In 1999 Peter Samuel and Randal O’Toole found that EPA was a major funder of groups lobbying for “smart growth.” So these groups were pushing a policy agenda on the federal government, but the government itself was paying the groups to lobby it.

Taxpayers shouldn’t be forced to pay for the very lobbying that seeks to suck more dollars out of the taxpayers. But then, taxpayers shouldn’t be forced to subsidize banks, car companies, senior citizen groups, environmentalist lobbies, labor unions, or other private organizations in the first place.

Courts Must Review Agency Actions

There is a growing trend among federal agencies and courts to incrementally expand the government’s enforcement power by adopting statutory interpretations that go beyond their plain meaning and intent. National Corn Growers v. EPA exemplifies such government overreach.

Under the Federal Food, Drug, and Cosmetic Act, the Environmental Protection Agency establishes limits, or “tolerances,” for pesticide residues on food.  If a pesticide residue exceeds an established tolerance it is deemed “unsafe” and the product is removed from interstate commerce—effectively banned from use. The EPA must modify or revoke a tolerance it deems unsafe through a “notice and comment” process.  Both the FFDCA and its implementing regulations require the EPA to hold a public evidentiary hearing if any objections raise a “material issue of fact.”

In National Corn Growers, the pesticide carbofuran was registered for use in 1969 by the EPA and has been safely used for pest control for a variety of crops for more than 40 years.  Recently, however, the EPA overlooked “material issues of fact” raised by the National Corn Growers and revoked all tolerances for carbofuran without a public hearing. In a decision that gives sole discretion to the EPA to determine the fate of hundreds of thousands of products already in the market, the D.C. Circuit held that courts must defer to the agency.  The court declared that differences in scientific studies are insufficient for judicial review, essentially writing “material issue of fact” out of the Act.

Cato joined the Pacific Legal Foundation in filing a brief arguing that Supreme Court review is warranted because the D.C. Circuit undermined the legal requirement for a public hearing under the FFDCA.  Moreover, because this case sets a precedent for other regulated products and allows government agencies to unlawfully deprive citizens of their property without adequate access to court review, we argue that the Supreme Court should take this case to: (1) establish the proper standard for review under the FFDCA for a public hearing; (2) curtail abuse of the administrative process; and (3) establish that complete deference is not compatible with a summary-judgment-type proceeding.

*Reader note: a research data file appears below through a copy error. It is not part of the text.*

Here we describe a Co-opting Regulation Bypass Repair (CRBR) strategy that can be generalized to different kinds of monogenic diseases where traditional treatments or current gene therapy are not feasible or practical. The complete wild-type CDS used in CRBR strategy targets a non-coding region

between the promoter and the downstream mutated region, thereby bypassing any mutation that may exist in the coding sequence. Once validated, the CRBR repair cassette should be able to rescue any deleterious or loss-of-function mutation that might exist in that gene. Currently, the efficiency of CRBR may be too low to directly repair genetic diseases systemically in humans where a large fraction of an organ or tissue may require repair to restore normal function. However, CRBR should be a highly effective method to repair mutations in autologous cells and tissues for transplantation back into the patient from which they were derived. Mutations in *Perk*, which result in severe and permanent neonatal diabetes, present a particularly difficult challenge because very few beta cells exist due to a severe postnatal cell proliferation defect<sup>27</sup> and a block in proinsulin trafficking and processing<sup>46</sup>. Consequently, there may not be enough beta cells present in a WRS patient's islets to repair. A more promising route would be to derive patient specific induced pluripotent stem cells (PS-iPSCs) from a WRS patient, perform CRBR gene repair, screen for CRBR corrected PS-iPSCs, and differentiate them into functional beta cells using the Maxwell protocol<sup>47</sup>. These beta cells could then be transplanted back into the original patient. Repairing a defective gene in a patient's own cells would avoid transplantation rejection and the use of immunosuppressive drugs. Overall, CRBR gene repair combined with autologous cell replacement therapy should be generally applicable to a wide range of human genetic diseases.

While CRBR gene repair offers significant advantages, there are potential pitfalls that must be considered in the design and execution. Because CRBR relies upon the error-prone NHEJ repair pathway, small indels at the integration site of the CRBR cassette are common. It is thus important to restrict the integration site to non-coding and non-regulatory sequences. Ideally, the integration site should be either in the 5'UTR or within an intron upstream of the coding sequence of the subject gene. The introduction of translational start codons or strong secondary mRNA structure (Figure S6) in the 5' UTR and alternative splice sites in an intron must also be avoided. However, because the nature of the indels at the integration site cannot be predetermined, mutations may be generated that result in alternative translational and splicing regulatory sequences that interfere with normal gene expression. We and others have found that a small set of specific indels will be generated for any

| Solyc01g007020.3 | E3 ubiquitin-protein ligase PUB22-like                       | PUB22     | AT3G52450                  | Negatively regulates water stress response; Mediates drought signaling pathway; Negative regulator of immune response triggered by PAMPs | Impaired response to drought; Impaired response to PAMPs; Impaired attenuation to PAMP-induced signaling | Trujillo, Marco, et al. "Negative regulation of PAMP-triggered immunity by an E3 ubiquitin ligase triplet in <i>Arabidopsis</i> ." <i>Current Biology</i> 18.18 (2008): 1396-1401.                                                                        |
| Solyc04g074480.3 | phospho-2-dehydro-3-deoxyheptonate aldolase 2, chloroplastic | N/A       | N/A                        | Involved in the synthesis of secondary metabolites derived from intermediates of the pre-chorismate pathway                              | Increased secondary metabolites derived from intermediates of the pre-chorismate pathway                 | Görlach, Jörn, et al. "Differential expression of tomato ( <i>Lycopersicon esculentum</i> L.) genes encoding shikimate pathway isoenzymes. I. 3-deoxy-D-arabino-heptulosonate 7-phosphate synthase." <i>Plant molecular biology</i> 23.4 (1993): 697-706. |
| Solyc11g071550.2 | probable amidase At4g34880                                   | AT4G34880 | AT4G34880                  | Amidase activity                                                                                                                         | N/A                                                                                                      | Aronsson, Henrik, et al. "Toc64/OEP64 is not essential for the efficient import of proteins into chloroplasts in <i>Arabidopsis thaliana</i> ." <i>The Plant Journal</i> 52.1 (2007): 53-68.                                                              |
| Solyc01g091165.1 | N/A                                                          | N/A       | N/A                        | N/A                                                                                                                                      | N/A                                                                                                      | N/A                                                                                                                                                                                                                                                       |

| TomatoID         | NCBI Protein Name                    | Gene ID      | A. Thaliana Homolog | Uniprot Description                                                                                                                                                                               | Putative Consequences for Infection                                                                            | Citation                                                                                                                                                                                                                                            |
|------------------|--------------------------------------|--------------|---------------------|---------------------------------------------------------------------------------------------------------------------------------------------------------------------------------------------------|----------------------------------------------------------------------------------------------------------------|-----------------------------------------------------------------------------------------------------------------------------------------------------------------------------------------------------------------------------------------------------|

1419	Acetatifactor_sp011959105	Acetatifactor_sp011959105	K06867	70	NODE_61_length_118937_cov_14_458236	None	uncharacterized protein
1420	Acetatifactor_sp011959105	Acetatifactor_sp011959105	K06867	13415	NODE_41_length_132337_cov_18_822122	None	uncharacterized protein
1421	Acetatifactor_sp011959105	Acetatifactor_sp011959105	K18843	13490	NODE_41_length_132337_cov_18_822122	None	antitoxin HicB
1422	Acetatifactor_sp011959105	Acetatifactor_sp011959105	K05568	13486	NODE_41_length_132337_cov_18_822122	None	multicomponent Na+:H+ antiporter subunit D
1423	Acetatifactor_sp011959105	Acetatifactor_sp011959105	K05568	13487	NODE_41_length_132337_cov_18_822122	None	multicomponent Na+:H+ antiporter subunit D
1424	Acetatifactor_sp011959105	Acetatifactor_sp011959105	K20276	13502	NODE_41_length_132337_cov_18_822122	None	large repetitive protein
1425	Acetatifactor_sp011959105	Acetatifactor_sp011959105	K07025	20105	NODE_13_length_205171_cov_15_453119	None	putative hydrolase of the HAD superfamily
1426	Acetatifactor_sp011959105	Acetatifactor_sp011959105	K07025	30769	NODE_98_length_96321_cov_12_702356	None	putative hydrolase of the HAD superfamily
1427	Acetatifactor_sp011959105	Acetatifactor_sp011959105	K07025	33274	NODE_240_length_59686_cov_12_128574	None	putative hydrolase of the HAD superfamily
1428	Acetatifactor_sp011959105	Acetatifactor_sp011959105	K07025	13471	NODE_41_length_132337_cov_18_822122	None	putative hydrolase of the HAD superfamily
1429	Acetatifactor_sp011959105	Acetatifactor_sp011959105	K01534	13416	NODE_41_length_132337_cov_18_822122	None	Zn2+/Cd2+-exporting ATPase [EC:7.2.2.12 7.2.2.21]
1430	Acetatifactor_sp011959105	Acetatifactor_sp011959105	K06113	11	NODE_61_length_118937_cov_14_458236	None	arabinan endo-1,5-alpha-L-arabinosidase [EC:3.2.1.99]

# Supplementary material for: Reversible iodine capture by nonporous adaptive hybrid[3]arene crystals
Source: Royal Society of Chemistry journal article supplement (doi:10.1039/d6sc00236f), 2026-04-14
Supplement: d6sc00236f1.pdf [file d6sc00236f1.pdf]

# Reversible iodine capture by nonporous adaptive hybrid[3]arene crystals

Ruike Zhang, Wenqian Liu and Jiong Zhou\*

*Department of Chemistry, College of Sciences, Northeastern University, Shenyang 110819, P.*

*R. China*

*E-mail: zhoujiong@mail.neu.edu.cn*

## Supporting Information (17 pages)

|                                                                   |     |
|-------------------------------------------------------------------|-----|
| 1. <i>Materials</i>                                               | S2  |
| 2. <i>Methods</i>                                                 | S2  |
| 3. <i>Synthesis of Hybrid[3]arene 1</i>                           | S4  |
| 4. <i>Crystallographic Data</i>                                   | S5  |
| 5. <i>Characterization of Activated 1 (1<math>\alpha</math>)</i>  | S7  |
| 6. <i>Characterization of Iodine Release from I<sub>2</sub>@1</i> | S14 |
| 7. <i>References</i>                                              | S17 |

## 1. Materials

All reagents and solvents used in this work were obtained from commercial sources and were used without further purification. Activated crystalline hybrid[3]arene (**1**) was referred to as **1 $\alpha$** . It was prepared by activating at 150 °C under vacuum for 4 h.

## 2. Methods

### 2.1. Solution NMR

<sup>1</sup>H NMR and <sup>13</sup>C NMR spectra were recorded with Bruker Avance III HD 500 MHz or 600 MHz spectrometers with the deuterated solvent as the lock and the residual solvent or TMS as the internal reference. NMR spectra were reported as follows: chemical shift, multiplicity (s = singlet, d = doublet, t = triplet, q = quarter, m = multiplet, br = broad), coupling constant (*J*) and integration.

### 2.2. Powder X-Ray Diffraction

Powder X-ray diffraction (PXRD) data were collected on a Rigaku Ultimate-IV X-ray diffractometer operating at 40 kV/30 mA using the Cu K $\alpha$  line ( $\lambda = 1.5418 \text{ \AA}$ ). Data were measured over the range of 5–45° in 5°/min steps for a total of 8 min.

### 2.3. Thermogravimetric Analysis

The right not to be deprived of one’s property without fair process is a bedrock principle of American jurisprudence.  The Court should reinforce this principle and ensure that statutory safeguards intended to protect this right are not ignored. 

Thanks to Cato legal associate Caitlyn McCarthy for her help with the brief and with this summary.

EPA on Guard against Spills

Well, at least of the dairy kind:

New Environmental Protection Agency regulations treat spilled milk like oil, requiring farmers to build extra storage tanks and form emergency spill plans….

The EPA regulations state that “milk typically contains a percentage of animal fat, which is a non-petroleum oil. Thus, containers storing milk are subject to the Oil Spill Prevention, Control and Countermeasure Program rule when they meet the applicability criteria.”

Peter Daining of the Holland Sentinel (Holland, MI) has a report, including predictions that smaller dairy producers could be driven out of business by the cost of the containment rules.

A Few Notes on Climate Change

As the Copenhagen Climate Conference is taking place, it is appropriate to clarify once again what is more or less accurately known about the climate of our planet and about climate change.

Obviously, a brief post can not substitute for detailed studies of professionals in a variety of scientific disciplines – climatology, atmospheric physics, chemistry, geology, astronomy, and economics. However, a short post can summarize basic theses on the main trends in climate evolution, on its forecasts, and on its actual and projected effects.

1. The Earth’s climate is constantly changing. The climate was changing in the past, is changing now and, obviously, will be changing in the future – as long as our planet exists.

2. Climatic changes are largely cyclical in nature. There are various time horizons of climatic cycles – from the annual cycle known to everyone to cycles of 65-70 years, of 1,300 years, or of 100,000 years (the so called Milankovitch cycles).

3. There is no fundamental disagreement among scientists, public figures and governments about the fact that the climate is  changing. There is a broad consensus that climate changes occur constantly. The myth, created by climate alarmists, that their opponents deny climate change is sheer propaganda.

4. Current debate among climatologists, economists and public figures is not about the fact of climate change, but about other issues. In particular, disagreements exist on:
- Comparative levels of modern day temperatures (relative to the historically observed),